The Holmes of “Elementary” lacks this trait, but it doesn’t stop him from doing things that would horribly damage the investigation. As Howard wrote, he seems to hold the bizarre idea that his status as a “consulting detective” absolves him of the obligation to follow legal rules. (Another explanation for the scene Howard discusses is that no one was concerned about the stolen furniture, or about prosecuting the opportunistic thief. Instead, Holmes was demonstrating that the neighbor was innocent of murder, which allowed the investigation to focus on more relevant information. But that doesn’t explain Holmes’s “good thing I’m not the police” line.)

  6. Cornelius McCracken says:

    “Basically, although Sherlock is a “consulting detective” (and under US rules, certainly an agent of the State)”

    I don’t think this is so clear. Doesn’t it matter that Holmes is not consulting for the police but for private citizens? At least he is in most instances in the original stories.

    I recognize that in the Irene Adler tale, the new BBC series swaps Bohemia for Belgravia and changes that calculation, as does the more frequent involvement of Mycroft in his governmental capacity. These are mostly problems in the second season though, as I recall.

  7. Cornelius McCracken says:

    And of course this only swaps one set of problems for another (due process for burglary/trespass/etc)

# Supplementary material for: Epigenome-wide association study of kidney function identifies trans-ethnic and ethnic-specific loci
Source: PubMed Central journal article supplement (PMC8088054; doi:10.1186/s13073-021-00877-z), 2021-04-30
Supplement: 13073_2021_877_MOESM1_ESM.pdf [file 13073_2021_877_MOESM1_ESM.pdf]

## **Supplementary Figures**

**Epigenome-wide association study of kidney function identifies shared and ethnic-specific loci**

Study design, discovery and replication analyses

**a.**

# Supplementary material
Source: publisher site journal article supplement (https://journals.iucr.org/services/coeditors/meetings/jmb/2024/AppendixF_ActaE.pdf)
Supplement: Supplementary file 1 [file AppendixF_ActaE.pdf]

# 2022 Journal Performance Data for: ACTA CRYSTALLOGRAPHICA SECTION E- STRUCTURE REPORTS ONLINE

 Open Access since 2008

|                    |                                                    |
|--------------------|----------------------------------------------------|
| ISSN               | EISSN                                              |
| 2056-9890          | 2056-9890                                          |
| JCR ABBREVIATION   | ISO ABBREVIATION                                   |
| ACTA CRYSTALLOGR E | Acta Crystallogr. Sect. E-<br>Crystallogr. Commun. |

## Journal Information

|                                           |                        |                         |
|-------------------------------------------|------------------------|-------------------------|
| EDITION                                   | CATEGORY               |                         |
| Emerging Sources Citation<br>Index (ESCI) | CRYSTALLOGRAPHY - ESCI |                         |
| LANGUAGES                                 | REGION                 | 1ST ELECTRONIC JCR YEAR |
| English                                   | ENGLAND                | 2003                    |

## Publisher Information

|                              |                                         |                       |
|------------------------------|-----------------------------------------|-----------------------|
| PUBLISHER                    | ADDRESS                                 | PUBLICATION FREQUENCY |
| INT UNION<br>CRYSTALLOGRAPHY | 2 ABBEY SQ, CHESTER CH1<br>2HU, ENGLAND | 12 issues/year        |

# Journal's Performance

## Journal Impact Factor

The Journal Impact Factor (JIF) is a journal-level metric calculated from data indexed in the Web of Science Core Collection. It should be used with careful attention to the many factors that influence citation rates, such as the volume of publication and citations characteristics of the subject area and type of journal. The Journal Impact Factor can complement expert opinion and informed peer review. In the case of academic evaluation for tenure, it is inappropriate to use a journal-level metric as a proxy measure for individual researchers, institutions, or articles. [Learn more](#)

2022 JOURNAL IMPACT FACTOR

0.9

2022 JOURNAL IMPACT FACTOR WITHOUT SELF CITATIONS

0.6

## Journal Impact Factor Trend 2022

8. Sandra Dotch says:

    Both great shows! But of course they are both very unrealistic in regards to law.

  9. PrometheeFeu says:

    First, I think it is important to recall that Sherlock isn’t waging a Batman-style war against crime. He merely finds what he does enjoyable and so probably does not care very much about convictions as long as he gets to show off.

    That said, my memory may be failing me, but I don’t think there is much of a problem. For instance, in all the cases where he breaks in, he is not breaking in the perpetrator’s apartment, to the third party rule comes in. Furthermore, in most of the cases, the perpetrator dies which makes the matter of criminal procedure moot.

    The only episode in which a trial would matter is the Great Game. In the Great Game however, I would argue exigent circumstances. And even if it didn’t apply, I didn’t see any issues with what he did in that episode.

    I didn’t see season 3 yet.

  10. I’ve been thinking recently about what Sherlock Holmes would have made of the legal regime governing modern policing.
    In the original stories, Sherlock Holmes said ‘The ideal reasoner…would, when he has once been shown a single fact in all its bearings, deduce from it not only all the chain of events which led up to it, but also all the results which would follow from it…’ and for this he needed possession of ‘all knowledge.’ (The Five Orange Pips)
    One of the first profilers perhaps but he didn’t have to contend with the UK’s Data Protection Act or the right to respect for private life under ECHR.
    Can’t imagine that a scene involving Holmes conducting a proportionality assessment about the retention or disclosure of intelligence would make particularly riveting viewing. Anyway, he’d most likely ignore all the lawyers and make his own decision anyway!